Theology 101

Better than New: God’s Grand Restoration Plan

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He who was seated on the throne said, “I am making everything new!” Then he said, “Write this down, for these words are trustworthy and true.” 

— Revelation 21:5

“How can it be better than new?”

This was the question of a young man at a recent IFWE presentation on the “Four-Chapter Gospel.”

The question came at the end of a discussion about the new heaven and new earth when I said, “The new heaven and new earth will certainly be better than the broken one that we live in now, but it will also be even better than God’s original creation in the beginning, before the Fall.”

Redemption Is Not the End of the Story

Here at IFWE, we talk a lot about the four-chapter gospel—Creation, Fall, Redemption, and Restoration—because it reminds us of the fullness of God’s redemptive story. It is a story that the church has largely forgotten over the last 100 years or at least truncated into two chapters: Fall and Redemption.

As a result, we don’t know what we were created to do and where we are going to end up when God brings his story to a close. While we live and work in the third chapter of Redemption, we look forward and work toward the final and fourth chapter of Restoration, understanding that it keeps us from seeing our time on earth as just waiting around at the bus stop for heaven.

Theologians often call this chapter of Redemption the “already/not yet” period. Christ came to earth 2,000 years ago to establish the kingdom of God (Mark 1:15) and will someday return to complete the work he started, not only consummating the kingdom of God but also restoring all things (Rev. 21:5). Therefore, we live and work in an age where the kingdom is already established but not yet concluded.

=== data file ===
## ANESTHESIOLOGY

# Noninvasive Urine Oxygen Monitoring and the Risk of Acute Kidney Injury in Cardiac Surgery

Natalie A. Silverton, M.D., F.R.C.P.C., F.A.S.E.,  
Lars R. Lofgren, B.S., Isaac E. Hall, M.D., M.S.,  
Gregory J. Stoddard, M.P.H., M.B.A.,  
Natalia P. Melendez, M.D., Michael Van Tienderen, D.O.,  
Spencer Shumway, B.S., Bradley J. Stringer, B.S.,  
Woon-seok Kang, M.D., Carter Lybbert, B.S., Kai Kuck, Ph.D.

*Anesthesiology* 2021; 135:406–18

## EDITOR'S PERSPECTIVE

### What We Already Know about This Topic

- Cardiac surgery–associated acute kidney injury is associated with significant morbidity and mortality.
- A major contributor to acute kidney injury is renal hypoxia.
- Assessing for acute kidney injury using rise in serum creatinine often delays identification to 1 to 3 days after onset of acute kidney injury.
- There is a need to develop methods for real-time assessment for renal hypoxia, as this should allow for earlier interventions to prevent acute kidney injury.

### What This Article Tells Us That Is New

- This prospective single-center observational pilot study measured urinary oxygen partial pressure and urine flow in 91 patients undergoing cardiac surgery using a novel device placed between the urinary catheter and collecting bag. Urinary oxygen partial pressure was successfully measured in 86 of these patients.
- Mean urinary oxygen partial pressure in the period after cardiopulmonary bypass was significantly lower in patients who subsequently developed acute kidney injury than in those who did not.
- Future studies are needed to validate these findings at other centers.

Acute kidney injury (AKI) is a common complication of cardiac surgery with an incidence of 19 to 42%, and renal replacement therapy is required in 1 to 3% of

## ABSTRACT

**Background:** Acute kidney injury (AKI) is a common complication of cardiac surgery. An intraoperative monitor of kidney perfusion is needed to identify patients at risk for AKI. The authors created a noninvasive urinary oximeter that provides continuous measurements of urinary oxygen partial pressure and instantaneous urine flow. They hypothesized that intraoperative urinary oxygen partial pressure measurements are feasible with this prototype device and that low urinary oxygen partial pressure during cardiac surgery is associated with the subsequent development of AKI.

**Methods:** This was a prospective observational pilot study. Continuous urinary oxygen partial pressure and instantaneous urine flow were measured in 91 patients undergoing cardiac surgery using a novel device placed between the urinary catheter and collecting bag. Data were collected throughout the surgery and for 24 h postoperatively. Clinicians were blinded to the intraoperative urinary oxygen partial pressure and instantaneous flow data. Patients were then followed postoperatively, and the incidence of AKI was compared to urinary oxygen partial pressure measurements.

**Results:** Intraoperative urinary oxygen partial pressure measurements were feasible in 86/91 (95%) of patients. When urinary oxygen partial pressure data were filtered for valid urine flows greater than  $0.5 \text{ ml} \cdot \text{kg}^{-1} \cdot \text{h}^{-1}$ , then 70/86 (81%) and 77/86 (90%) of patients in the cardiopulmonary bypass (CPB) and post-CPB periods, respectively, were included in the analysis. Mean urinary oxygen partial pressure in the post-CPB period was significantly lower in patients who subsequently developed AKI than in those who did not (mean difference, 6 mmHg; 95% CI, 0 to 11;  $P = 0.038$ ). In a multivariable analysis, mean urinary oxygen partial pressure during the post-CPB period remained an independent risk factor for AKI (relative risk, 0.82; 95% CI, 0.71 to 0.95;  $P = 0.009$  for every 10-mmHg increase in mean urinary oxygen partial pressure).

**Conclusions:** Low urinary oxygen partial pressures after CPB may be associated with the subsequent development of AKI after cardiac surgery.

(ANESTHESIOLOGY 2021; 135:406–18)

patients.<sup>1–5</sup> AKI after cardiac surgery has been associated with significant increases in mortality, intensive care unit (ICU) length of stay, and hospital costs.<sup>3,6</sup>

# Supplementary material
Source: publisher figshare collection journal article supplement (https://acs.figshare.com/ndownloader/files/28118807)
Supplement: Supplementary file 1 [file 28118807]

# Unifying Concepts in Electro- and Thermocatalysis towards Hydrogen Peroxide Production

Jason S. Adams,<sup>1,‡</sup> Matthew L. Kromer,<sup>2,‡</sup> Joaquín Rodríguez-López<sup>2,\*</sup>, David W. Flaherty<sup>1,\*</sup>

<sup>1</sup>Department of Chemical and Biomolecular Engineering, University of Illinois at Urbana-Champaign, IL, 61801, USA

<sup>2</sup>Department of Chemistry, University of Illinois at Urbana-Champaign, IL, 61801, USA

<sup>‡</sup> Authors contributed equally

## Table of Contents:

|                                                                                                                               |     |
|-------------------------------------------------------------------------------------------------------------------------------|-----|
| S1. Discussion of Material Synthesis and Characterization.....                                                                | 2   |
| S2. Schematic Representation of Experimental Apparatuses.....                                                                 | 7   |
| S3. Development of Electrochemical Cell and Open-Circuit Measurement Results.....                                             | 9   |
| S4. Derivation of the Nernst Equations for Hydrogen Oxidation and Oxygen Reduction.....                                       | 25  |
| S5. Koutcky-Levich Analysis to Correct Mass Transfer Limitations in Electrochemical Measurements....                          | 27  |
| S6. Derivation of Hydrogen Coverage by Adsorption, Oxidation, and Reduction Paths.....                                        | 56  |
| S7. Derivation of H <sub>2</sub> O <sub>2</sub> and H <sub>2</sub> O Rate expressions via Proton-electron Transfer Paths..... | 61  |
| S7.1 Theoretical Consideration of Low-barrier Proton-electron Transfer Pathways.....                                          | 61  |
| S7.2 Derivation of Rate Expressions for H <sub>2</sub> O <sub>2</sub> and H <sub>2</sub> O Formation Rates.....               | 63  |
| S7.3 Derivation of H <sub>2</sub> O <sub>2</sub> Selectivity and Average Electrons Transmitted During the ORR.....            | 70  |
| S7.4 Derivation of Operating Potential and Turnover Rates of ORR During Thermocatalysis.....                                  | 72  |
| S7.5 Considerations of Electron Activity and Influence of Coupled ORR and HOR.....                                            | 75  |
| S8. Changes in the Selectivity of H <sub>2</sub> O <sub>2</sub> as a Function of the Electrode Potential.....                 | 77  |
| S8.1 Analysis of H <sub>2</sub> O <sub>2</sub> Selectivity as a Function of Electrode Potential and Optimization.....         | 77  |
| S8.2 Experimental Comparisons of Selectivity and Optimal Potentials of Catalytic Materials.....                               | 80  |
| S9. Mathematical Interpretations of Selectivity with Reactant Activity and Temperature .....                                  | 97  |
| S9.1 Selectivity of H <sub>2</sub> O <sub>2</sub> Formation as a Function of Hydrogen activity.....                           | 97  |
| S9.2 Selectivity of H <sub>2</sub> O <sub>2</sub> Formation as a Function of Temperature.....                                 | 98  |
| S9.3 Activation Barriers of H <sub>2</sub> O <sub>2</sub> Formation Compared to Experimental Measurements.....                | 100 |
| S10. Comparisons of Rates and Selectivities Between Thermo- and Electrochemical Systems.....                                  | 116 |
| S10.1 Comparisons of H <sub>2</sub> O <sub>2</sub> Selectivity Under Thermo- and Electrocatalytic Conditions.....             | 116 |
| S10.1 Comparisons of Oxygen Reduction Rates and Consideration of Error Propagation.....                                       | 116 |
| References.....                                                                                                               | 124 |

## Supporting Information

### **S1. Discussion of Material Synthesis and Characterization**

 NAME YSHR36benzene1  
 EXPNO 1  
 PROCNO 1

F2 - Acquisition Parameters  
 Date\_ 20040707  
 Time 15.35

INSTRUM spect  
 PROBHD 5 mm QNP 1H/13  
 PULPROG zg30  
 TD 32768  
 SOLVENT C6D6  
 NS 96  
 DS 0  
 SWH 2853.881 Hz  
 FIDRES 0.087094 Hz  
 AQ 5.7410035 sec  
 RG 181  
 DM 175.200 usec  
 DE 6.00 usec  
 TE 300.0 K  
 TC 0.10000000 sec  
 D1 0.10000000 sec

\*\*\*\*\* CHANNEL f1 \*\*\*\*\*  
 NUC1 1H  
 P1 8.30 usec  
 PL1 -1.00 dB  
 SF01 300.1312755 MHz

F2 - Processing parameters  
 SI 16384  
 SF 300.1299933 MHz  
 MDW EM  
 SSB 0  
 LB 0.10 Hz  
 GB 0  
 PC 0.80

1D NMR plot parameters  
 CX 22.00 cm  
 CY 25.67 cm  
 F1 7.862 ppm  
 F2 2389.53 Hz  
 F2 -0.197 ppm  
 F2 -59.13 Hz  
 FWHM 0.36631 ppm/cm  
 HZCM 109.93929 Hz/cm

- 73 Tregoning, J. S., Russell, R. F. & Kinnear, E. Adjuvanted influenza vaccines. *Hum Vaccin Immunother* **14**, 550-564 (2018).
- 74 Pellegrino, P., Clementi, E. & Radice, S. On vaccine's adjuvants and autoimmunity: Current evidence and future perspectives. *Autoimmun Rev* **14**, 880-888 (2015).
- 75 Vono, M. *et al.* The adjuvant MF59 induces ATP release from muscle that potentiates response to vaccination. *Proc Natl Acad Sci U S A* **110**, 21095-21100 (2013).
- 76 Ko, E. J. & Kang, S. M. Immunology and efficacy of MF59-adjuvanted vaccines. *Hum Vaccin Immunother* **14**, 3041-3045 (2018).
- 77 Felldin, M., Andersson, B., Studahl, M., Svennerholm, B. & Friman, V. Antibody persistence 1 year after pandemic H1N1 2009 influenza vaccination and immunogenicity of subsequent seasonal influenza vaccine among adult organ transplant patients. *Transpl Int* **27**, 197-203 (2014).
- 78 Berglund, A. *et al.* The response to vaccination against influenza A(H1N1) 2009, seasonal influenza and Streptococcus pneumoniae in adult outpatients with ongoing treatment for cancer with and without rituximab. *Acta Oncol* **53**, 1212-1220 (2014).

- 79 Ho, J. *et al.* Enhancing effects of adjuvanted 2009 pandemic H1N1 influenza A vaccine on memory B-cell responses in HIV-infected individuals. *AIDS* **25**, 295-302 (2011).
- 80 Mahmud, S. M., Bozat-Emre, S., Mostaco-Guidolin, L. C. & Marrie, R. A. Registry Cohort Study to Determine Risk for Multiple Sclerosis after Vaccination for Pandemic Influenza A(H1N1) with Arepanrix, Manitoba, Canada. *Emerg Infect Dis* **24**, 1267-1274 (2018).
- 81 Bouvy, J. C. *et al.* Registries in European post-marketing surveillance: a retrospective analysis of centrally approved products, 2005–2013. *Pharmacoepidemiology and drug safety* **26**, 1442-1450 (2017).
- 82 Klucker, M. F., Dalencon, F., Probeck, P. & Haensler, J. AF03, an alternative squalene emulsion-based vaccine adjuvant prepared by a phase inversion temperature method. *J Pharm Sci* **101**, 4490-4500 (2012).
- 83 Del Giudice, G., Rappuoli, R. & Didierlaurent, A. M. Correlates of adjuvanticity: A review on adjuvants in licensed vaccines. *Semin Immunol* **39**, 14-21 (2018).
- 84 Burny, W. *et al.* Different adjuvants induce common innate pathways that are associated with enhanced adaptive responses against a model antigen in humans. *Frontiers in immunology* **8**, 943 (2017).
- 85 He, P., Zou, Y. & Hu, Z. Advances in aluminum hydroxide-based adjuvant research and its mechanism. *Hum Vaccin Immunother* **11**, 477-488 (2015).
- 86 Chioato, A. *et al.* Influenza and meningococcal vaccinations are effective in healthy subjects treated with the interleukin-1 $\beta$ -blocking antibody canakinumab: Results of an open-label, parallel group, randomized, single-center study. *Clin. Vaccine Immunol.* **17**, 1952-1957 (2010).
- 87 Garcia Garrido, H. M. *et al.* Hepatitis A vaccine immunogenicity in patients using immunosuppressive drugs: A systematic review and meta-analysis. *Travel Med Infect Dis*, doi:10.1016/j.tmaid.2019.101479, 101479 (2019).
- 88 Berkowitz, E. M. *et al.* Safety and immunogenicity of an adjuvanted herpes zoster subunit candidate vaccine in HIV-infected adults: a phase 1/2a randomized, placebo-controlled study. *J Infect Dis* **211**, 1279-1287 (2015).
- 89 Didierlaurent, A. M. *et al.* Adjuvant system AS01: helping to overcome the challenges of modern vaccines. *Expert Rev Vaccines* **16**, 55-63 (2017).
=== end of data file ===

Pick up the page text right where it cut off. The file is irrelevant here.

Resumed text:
It is clear that Jesus understood this. In Luke 4, Jesus is asked to read from the scroll in the synagogue. He takes the scroll and reads the following from Isaiah 61:

The Spirit of the Lord is on me,
because he has anointed me
to proclaim good news to the poor.
He has sent me to proclaim freedom for the prisoners
and recovery of sight for the blind,
to set the oppressed free, to proclaim the year of the Lord’s favor (Luke 4:18-19)

Jesus then rolls up the scroll, sits down, and says, “Today this scripture is fulfilled in your hearing” (Luke 4:21). The text says that all eyes were fixed on him. Why?

The people in the synagogue knew the Old Testament better than we do and realized Jesus had left off the last part of that passage. Following the last phrase, “to proclaim the year of the Lord’s favor,” the passage continues with “and the day of vengeance of our God.”  Why did Jesus leave this out?  He left it out because we are currently living in the chapter of Redemption, the Lord’s favor; this is the already. His judgment awaits his second coming, which is the not yet.

As I have written previously, heaven is not a Christian’s long-term home but where our spirits go to be with Christ between death and the final resurrection. This is why heaven is called the “intermediate state” by theologians. It is temporary. It is a spiritual and not a physical place, and it is not eternal.